During the study, subjects in the monitoring group had an average of 1.4 ± 2.6 extra visits and 2.2 ± 4.1 telephone calls with the DNS compared with a mean of 1.1 ± 1.8 extra visits and 1.5 ± 3.7 telephone calls in the control group (NS for both). The DNSs discussed psychological well-being with all subjects in the monitoring group (visits 1 and 2) compared with 23% (43/184) at visit 1 and 26% (46/175) at visit 2 in the standard care group (P ≤ 0.001 for both comparisons). Based on the DNSs’ charts, it appeared that three topics were less often discussed in the monitoring condition than in the standard care group. They were insulin regimen/glycemic control (visit 1: 28% [51/182] vs. 44% [80/184]; visit 2: 24% [39/165] vs. 46% [80/175]), self-monitoring of blood glucose (visit 1: 8% [15/182] vs. 16% [30/184]; visit 2: 7% [12/163] vs. 21% [36/175]), and injection technique (visit 1: 12% [21/182] vs. 21% [39/184]; visit 2: 6% [9/163] vs. 12% [21/175]) for the monitoring versus standard care group, respectively, with all differences significant at P ≤ 0.05. Additional ANCOVAs in both groups, with discussion of one of the topics (yes/no) as a fixed factor and the primary outcomes as dependent variables (using the corresponding baseline score as a covariate), showed that the differences in these discussed topics had not significantly influenced the primary outcomes (data not shown).

Although our trial had not been designed for this purpose, we conducted additional analyses to explore the effective ingredient(s) of our intervention. In multivariate analyses, the 12-item GWB scale was used as the only dependent variable in order to limit the number of analyses. Firstly, a subgroup with good psychological well-being at baseline was selected (highest quartile GWB scores ranging from 31 to 36). It appeared that one patient was referred to a psychologist during the study, and the scores of this patient were excluded from these analyses. ANCOVAs with the remaining subjects showed a significant favorable effect of the monitoring intervention on GWB (31.6 vs. 28.1 in the control group, P = 0.004).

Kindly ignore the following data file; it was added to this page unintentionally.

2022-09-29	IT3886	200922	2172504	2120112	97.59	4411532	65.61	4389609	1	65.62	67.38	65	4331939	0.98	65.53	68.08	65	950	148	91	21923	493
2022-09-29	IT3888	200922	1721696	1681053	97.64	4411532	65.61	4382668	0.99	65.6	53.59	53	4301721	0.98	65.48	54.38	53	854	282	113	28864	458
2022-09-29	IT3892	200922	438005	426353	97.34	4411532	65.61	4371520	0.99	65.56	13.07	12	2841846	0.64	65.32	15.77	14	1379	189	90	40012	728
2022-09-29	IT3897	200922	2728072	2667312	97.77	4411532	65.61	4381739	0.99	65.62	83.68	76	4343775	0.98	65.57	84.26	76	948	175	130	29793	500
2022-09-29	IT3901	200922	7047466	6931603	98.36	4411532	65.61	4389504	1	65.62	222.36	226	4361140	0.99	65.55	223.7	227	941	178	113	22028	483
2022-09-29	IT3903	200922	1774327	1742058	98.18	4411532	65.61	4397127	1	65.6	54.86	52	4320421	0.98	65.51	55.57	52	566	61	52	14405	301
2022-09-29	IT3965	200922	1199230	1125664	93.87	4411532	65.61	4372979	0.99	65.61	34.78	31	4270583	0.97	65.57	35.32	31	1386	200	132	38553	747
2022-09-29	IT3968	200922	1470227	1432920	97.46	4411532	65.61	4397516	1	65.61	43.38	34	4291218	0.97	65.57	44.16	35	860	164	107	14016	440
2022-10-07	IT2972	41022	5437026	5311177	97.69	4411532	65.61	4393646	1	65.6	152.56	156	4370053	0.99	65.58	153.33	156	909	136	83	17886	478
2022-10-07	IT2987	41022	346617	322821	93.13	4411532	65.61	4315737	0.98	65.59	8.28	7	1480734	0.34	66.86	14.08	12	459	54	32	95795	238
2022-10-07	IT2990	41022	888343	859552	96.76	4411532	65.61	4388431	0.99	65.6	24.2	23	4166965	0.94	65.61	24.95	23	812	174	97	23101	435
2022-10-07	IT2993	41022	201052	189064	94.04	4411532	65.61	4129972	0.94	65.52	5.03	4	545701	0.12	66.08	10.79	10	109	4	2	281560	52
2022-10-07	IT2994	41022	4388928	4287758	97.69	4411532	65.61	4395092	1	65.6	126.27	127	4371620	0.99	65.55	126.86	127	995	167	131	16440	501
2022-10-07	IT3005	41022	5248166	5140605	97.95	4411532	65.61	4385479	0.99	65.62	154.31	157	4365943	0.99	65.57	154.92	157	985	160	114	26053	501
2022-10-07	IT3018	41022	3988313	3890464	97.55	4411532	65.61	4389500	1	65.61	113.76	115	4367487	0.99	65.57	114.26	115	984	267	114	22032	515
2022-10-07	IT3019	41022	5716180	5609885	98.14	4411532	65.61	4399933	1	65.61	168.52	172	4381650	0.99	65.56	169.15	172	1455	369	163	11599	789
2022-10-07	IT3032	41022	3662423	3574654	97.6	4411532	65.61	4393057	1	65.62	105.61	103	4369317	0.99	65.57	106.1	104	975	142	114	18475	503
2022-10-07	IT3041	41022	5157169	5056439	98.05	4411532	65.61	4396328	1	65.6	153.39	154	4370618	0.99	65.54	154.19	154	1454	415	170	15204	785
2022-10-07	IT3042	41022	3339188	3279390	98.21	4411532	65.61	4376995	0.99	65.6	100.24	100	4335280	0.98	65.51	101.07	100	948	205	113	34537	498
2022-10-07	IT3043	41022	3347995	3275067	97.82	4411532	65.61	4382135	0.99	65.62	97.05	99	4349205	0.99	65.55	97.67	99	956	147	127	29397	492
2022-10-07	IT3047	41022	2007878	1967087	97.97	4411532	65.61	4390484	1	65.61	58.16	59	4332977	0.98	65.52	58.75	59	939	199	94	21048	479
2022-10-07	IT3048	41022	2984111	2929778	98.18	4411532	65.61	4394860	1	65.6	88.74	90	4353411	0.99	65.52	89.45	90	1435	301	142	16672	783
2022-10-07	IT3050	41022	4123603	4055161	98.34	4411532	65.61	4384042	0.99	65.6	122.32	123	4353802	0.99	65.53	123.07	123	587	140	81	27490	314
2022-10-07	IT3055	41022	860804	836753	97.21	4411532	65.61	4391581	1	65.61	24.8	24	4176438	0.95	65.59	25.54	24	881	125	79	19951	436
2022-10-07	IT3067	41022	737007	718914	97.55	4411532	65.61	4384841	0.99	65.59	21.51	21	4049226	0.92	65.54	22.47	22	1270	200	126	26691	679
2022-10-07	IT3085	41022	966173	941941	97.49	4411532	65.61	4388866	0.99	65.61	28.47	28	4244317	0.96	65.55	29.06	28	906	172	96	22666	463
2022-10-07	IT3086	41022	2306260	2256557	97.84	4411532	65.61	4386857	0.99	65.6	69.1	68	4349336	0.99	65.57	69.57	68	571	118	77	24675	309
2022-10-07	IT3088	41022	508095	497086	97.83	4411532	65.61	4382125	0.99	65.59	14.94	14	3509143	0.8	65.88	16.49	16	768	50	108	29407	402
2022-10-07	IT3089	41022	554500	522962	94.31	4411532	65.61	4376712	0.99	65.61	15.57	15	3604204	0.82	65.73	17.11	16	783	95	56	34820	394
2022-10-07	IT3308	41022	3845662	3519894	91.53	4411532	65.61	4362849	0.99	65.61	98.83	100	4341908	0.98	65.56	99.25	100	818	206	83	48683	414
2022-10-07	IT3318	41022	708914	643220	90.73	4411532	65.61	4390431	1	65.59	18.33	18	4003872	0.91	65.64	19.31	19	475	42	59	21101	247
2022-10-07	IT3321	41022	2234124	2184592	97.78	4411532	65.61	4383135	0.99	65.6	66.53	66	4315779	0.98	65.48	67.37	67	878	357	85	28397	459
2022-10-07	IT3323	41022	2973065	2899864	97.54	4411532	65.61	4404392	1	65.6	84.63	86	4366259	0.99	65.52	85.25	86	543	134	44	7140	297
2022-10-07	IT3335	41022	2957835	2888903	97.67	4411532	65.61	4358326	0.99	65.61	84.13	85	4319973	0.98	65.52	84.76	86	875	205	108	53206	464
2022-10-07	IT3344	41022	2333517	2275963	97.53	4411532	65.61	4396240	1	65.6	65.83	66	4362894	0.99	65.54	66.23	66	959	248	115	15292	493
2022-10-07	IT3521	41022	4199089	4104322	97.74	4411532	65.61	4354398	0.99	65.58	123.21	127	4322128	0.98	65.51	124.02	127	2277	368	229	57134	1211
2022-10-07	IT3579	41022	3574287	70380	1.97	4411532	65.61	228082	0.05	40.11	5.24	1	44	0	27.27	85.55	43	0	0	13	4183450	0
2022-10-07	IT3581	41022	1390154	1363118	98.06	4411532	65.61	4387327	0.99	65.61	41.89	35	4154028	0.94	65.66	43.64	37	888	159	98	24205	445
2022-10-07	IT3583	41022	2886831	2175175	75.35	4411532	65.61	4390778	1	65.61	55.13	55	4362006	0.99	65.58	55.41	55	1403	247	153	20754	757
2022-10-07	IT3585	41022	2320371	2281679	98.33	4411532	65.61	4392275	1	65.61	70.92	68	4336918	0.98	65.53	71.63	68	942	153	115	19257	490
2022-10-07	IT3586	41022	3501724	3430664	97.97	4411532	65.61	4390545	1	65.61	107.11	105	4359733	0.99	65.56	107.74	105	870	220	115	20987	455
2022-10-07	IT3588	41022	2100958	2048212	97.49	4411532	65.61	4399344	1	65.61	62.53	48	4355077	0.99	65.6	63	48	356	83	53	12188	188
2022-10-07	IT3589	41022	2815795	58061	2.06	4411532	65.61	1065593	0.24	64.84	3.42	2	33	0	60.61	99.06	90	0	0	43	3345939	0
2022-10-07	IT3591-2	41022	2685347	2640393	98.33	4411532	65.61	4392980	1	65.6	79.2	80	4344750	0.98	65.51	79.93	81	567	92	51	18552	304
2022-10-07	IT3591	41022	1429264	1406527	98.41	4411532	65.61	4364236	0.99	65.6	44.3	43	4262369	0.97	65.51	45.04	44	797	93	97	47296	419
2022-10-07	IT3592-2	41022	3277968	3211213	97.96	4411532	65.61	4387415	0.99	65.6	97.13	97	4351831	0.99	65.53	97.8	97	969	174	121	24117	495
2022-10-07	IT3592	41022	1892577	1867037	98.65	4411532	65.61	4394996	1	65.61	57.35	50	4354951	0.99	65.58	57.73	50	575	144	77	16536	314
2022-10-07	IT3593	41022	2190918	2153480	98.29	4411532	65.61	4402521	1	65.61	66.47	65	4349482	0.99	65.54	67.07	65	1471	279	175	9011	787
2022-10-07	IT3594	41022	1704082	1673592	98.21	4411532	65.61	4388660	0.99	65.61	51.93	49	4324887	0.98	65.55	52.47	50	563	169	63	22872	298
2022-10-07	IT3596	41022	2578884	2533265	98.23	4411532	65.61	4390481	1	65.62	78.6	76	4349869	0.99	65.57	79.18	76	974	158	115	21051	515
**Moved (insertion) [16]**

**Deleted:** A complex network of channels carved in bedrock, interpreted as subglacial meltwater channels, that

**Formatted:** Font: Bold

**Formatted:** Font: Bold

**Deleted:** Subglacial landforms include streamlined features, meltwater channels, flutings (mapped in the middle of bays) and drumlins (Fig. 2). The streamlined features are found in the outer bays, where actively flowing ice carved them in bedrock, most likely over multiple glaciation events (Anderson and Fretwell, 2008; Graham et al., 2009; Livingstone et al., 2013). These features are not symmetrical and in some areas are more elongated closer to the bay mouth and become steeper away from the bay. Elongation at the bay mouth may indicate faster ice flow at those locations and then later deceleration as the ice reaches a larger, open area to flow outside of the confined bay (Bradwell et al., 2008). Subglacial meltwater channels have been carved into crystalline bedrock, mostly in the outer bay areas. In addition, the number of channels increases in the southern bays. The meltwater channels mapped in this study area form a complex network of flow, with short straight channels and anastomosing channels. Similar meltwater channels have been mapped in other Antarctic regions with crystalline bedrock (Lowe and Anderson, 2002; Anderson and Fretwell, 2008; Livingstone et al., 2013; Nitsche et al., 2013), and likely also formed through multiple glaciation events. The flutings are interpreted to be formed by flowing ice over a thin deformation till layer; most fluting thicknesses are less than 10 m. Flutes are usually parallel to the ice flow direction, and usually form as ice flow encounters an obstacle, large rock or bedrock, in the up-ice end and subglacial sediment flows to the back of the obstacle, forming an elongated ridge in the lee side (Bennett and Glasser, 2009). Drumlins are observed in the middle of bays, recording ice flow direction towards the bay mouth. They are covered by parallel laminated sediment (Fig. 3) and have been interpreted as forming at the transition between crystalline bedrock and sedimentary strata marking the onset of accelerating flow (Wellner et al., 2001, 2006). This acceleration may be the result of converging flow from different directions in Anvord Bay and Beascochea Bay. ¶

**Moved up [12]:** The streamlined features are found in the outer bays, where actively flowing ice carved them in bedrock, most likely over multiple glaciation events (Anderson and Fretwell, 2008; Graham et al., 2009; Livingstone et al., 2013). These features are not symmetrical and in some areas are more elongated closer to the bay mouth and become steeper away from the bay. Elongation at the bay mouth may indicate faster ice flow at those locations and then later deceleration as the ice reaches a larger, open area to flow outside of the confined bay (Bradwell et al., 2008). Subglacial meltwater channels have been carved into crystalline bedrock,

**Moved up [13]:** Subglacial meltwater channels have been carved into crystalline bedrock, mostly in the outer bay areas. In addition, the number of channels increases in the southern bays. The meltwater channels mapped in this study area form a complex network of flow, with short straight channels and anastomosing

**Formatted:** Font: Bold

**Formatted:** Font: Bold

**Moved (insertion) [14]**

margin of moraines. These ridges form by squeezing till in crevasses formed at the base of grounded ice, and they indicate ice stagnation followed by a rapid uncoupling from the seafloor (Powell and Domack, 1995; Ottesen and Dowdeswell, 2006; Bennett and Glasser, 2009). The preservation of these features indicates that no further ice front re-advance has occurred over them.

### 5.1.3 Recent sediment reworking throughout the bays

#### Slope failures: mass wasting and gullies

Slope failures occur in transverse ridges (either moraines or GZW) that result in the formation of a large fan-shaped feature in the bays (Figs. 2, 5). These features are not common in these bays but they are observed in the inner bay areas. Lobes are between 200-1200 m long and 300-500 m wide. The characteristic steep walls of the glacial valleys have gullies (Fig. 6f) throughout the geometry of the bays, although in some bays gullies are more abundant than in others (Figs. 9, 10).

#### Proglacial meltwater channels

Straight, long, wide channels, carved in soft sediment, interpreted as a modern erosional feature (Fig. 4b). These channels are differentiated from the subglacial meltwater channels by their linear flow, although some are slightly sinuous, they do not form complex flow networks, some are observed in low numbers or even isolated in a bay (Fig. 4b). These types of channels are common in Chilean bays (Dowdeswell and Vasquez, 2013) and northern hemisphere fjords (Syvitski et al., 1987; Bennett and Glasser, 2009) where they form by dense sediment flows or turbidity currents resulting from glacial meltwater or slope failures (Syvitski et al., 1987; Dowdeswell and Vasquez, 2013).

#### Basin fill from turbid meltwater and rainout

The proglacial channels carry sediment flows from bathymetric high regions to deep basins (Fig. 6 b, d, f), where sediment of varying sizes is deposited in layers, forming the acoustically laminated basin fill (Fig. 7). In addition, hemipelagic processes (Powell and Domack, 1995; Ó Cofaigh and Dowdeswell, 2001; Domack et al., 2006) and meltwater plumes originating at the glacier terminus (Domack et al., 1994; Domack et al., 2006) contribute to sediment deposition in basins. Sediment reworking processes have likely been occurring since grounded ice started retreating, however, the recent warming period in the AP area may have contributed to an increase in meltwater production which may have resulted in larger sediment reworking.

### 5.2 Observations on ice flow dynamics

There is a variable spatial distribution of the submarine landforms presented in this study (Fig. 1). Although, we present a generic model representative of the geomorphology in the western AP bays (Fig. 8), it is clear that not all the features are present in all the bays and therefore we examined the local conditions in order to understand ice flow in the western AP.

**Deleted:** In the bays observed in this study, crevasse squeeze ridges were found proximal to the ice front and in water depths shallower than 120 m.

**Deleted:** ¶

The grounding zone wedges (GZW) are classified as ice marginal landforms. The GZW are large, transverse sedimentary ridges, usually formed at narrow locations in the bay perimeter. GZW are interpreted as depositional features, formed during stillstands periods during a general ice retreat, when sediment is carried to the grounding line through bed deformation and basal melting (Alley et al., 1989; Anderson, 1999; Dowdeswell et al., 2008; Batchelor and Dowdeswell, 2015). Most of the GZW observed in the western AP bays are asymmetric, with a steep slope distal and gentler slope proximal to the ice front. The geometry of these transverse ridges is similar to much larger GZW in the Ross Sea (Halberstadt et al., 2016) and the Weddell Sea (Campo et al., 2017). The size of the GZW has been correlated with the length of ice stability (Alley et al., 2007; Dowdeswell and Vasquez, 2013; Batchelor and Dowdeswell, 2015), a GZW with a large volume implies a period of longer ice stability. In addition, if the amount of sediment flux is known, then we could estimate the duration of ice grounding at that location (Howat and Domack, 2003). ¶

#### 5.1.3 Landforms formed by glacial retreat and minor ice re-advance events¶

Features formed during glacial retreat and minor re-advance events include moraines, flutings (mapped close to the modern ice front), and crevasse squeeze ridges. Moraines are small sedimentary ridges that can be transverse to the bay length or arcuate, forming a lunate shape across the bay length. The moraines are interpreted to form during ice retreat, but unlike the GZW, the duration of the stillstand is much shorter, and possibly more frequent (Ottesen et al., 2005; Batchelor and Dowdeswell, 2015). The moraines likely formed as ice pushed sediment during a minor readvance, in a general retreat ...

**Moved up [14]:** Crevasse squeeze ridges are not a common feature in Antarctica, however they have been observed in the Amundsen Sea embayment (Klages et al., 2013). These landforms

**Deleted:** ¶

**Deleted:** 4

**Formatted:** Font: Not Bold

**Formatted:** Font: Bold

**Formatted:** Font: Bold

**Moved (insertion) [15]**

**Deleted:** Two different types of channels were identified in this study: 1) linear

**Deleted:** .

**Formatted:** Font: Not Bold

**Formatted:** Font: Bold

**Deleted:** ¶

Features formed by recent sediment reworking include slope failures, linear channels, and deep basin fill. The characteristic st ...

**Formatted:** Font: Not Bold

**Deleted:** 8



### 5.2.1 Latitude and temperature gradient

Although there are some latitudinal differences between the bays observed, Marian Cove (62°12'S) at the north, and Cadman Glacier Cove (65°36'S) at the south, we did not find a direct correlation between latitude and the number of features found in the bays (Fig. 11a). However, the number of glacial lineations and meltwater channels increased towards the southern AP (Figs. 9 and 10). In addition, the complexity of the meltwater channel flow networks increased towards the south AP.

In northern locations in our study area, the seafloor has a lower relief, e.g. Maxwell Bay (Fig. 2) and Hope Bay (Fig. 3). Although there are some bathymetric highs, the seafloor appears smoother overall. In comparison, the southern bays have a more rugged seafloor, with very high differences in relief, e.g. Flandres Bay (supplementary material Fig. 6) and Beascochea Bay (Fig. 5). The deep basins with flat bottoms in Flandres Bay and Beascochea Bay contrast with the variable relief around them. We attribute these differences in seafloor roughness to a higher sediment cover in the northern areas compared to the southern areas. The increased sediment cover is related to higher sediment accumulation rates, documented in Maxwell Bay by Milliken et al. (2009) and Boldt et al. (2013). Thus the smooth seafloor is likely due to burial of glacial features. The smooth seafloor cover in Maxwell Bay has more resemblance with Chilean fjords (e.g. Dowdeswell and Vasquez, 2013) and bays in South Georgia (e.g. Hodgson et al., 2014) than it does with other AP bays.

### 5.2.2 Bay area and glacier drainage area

We also conducted a 2 × 2 ANCOVA with group (experimental/control) and referral to a psychologist (yes/no) as independent variables. In this analysis, group was significantly associated with GWB (follow-up) after controlling for baseline GWB, sex, and referral to psychologist, with a mean of 24.3 (95% CI 23.5–25.0) in the experimental group and 20.4 (17.7–23.0) in the control group. As expected, those who were referred to a psychologist during the study had lower psychological well-being at visit 3 than those who were not (20.4 [17.7–23.0] vs. 24.3 [23.6–25.0]). The interaction between group and referral to a psychologist was not statistically significant (P = 0.08), but suggested that subjects who were referred to a psychologist in the control group had a lower well-being than those in the experimental group who were referred to a psychologist (17.6 vs. 23.1).